If it helps, maybe you could ask her to check the in the basement if it is not finished. Or another place to check might me in a floor vent. But you are probably right, my house was built in the 50's and I don't have plywood. I'm not sure when plywood started to be used.. I'm not old enough.
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Old 12-04-2012, 09:34 PM   #6
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Harwood in a Galley Kitchen Parallel to the Joists?


1950's, most likely 1x6's, but depending on the builder, 5/8" plywood or 3/4" was laid as the sub floor. Home building methods were different depending on the area of the country. Was not until the 70's when you started to see cheap building, then the 80's really brought on cheaper building methods, which are still in place. Homes built from the 70's to the late 90's were no different than manufactured homes. Fell apart after a few years, cheap kitchen cabinets, lazy building methods.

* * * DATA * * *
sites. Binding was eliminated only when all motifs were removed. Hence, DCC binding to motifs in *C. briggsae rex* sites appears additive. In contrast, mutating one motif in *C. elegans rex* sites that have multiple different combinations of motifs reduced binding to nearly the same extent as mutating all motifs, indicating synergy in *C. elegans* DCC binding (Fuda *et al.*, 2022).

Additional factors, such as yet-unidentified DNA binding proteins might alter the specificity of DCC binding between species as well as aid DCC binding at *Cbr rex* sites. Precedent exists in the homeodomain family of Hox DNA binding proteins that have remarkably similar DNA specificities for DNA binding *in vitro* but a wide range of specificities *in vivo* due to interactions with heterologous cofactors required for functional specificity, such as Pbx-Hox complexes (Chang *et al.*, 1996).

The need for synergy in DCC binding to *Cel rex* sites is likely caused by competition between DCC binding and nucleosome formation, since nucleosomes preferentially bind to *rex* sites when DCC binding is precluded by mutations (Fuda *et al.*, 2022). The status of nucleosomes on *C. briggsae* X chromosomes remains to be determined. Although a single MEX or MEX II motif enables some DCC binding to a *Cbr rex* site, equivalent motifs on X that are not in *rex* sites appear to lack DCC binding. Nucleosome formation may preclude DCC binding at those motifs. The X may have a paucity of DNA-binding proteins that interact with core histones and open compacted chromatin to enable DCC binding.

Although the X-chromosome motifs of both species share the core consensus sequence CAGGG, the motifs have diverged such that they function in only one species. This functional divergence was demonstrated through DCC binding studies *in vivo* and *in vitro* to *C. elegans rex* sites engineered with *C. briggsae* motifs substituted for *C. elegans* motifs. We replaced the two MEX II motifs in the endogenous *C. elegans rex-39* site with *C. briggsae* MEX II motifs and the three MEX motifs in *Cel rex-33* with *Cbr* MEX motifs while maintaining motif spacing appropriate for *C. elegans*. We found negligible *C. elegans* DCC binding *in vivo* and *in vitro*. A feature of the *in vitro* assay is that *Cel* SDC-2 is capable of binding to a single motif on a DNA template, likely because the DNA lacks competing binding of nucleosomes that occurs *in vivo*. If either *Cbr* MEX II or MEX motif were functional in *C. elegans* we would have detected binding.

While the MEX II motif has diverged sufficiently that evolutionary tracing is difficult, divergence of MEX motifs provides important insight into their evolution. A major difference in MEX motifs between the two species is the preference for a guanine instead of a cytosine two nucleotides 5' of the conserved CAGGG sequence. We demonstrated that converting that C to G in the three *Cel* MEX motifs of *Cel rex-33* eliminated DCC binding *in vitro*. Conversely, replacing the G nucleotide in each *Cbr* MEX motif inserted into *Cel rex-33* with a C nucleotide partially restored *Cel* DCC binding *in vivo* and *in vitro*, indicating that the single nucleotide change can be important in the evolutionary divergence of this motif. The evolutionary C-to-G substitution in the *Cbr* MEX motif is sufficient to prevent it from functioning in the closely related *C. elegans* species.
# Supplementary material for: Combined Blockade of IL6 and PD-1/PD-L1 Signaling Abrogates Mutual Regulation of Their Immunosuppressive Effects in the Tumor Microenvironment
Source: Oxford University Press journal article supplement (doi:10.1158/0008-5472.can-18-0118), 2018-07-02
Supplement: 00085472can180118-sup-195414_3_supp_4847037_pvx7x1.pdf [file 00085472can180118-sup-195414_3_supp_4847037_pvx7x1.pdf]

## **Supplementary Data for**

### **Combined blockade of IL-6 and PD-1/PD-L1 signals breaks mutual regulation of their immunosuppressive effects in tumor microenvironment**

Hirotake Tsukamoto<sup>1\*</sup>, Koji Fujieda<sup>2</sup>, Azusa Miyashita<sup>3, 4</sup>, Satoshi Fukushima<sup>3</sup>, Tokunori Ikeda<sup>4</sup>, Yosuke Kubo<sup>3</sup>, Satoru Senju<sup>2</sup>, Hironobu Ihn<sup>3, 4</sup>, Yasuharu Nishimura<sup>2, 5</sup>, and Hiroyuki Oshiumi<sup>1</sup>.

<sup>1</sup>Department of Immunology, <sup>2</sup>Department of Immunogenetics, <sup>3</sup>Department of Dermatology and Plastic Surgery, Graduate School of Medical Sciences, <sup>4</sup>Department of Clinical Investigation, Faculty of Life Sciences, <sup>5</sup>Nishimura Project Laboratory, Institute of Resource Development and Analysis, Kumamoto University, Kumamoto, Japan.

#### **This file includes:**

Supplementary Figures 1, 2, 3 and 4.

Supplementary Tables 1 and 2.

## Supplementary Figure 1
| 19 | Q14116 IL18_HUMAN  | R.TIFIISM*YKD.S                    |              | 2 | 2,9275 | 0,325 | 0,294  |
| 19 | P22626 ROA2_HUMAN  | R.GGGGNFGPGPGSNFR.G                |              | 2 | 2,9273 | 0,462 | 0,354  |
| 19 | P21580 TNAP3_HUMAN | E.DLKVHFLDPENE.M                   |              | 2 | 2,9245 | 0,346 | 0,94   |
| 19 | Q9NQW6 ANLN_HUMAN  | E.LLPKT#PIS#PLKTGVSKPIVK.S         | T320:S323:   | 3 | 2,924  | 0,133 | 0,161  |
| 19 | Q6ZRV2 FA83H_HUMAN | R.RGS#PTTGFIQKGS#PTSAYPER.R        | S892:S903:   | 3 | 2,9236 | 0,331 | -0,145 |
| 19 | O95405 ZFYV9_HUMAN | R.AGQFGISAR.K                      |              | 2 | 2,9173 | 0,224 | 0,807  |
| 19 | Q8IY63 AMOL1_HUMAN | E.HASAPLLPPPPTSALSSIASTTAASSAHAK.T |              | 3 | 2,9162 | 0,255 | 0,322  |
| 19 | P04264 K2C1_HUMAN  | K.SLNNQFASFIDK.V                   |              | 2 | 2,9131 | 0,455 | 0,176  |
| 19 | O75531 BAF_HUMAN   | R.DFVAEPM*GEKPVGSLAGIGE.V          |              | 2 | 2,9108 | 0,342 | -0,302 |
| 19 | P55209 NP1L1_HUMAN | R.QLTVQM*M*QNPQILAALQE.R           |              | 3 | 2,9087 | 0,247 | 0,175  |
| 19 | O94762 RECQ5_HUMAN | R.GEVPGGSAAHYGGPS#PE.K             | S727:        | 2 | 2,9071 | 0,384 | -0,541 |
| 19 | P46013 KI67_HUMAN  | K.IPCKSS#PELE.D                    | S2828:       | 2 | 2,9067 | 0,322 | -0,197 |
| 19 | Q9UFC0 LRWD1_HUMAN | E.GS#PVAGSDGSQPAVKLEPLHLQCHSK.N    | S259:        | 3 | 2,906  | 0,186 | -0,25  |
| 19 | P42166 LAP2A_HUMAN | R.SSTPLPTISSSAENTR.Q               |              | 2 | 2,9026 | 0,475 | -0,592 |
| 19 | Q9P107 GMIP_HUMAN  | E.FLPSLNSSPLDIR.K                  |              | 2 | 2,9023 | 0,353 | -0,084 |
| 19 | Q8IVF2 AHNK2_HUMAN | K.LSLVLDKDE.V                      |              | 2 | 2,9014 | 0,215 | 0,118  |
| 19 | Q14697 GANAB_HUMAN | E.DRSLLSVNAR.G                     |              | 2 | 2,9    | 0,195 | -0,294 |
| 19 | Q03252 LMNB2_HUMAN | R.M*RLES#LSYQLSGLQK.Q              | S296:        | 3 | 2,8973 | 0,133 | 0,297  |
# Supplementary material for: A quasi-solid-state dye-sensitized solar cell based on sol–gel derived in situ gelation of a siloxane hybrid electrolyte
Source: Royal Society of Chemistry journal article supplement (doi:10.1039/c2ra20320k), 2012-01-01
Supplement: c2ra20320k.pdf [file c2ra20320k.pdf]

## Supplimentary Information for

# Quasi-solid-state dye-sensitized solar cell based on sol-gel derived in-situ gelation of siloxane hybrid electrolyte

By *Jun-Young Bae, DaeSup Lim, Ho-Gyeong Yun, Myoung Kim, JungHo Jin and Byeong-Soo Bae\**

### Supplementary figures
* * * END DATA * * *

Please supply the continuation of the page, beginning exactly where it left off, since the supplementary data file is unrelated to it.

Even today you see cheaper lazier building methods for homes, no matter how much they price the place out at. Personally I would not worry about it, as long as you have a good sub floor, and it isn't pressed sawdust. But even that can be changed out with the right tools in just a couple of hours.
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Old 12-04-2012, 09:35 PM   #7
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Harwood in a Galley Kitchen Parallel to the Joists?


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If it helps, maybe you could ask her to check the in the basement if it is not finished. Or another place to check might me in a floor vent. But you are probably right, my house was built in the 50's and I don't have plywood. I'm not sure when plywood started to be used.. I'm not old enough.